Perhaps one of the largest issues still lies with how the medium is perceived by the masses. While I don’t want to play the “They don’t understand because they’re old” card, I can’t but help acknowledge a difference in understanding among individuals who are largely detached from the world of interactive entertainment. Existing still is a misconception that “video games” are very much toys. Opinion of the medium aside, one thing that we should all agree on is the fact that such content requires a level of respect that the masses have yet to put upon it. Diversity in content and context is something that this medium continues to do rather well, ranging from classic experiences that still allow us to play a plumber hopping on turtle shells to fourth wall breaking, third-person shooters that question why we even play such games. Things have changed. And although I would admit the violence is at times great, I would not forfeit that it is mindless.
For every study I could reference that has disproven a link between violence and entertainment I am sure someone could counter with a study that finds a correlation. Ultimately, both sides of the argument can utilize their respected numbers. But when dealing with the human psyche one simply can’t throw numbers up as absolutes. No other motivation or influence has been actively pursued as the cause more than the interactive medium. No one seems to place much significance in the fact that Adam Lanza’s mother was the one who reportedly took him to gun ranges in the first place or the fact that he exhibited odd personality characteristics long before that day in December. Answers aren’t always easy to come by. But we must start by asking the right questions.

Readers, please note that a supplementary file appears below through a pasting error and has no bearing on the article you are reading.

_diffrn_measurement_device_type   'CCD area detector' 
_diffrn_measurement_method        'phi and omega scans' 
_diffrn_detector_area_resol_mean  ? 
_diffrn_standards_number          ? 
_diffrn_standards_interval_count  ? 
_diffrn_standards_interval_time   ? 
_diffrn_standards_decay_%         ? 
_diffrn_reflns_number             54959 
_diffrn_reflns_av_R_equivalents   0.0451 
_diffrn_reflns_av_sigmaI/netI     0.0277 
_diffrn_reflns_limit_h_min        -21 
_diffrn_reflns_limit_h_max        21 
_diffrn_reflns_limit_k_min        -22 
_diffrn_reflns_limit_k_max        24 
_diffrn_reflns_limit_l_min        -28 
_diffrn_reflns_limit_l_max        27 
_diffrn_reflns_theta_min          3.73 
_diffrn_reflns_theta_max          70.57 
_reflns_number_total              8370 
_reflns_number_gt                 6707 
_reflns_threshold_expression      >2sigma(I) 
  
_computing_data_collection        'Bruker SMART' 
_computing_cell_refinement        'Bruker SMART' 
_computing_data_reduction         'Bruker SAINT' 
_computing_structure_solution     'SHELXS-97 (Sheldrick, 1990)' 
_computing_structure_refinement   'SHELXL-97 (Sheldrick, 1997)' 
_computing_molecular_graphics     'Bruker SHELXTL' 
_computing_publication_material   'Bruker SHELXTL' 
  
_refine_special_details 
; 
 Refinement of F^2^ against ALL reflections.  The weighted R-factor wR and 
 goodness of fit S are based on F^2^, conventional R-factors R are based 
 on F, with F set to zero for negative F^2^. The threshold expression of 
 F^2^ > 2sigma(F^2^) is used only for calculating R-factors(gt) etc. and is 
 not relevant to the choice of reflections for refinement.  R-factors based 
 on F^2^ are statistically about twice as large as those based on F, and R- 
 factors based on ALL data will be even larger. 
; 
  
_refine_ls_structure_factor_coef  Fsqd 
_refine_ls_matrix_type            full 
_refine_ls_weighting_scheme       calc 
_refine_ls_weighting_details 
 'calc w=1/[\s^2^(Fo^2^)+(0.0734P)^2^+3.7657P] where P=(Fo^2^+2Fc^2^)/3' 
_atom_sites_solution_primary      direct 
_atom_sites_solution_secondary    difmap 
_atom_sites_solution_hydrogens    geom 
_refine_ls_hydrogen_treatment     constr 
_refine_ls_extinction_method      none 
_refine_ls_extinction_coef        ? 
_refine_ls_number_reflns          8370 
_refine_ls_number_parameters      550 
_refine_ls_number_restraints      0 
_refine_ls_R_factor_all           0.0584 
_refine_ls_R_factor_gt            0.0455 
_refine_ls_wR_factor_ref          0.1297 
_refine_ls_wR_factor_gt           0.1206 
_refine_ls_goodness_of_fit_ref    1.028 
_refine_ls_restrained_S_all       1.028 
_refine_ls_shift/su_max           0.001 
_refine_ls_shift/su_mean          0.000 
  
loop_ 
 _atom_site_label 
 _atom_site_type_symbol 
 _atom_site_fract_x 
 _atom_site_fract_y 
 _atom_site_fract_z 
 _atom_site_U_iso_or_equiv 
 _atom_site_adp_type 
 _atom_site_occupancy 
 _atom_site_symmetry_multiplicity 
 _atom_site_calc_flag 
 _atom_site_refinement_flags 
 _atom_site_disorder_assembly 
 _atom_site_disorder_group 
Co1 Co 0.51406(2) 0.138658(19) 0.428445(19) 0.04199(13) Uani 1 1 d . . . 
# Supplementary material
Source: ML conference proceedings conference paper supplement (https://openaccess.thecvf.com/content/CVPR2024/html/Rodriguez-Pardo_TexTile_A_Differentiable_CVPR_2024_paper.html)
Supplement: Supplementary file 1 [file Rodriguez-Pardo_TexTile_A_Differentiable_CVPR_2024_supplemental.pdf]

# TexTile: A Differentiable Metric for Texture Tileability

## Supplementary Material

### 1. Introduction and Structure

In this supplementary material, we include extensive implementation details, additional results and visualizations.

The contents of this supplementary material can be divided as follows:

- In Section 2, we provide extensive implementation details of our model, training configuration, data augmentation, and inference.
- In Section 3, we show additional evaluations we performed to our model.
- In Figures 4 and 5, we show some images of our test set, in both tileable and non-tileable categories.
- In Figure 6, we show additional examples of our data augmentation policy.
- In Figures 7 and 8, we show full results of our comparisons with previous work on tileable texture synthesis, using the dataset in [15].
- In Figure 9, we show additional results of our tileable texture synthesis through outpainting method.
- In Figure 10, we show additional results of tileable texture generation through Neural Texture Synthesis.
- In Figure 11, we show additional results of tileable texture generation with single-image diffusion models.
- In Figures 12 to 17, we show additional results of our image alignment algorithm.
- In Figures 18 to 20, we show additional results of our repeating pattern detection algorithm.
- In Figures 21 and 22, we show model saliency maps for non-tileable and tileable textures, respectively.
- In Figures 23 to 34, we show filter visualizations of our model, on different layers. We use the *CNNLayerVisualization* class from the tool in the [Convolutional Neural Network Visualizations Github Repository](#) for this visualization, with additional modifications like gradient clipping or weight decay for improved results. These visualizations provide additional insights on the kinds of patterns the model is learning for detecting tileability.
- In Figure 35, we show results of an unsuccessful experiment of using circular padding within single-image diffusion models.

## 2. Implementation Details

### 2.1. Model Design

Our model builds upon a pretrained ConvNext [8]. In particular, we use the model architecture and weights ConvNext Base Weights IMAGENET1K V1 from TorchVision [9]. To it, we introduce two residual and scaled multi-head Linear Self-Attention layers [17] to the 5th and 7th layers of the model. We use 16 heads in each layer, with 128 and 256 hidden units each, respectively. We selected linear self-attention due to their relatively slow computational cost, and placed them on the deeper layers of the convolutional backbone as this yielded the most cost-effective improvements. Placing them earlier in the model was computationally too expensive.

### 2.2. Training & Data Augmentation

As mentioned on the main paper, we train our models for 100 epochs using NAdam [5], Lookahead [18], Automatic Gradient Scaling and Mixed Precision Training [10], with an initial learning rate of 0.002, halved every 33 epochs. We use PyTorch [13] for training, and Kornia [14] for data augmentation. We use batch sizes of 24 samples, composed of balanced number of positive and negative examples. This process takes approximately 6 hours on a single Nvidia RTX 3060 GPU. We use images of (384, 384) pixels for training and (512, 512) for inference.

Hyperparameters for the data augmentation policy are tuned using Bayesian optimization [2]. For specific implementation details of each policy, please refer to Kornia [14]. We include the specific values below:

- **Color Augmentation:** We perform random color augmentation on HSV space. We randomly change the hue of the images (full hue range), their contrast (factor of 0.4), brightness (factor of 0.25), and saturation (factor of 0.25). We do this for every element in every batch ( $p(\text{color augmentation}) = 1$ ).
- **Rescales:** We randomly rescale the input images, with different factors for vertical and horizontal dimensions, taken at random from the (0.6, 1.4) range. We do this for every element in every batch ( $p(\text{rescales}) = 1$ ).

Largely blame has shifted. The NRA finds itself desperately trying to preserve real guns at the expense of the digital ones. I can’t but help wonder, however, in the quest to uphold the Second Amendent, can one really justify the sacrifice of the First? Developers are storytellers. And the discs used to store their work come to life on television and film screens across the world. Digital gun or no, it is still art. In a world so eager to point fingers, perhaps we need to step back and pay more attention to who is pointing the fingers and why people find themselves so eager to blame an artist’s creation on a screen, rather than the person actually holding the gun.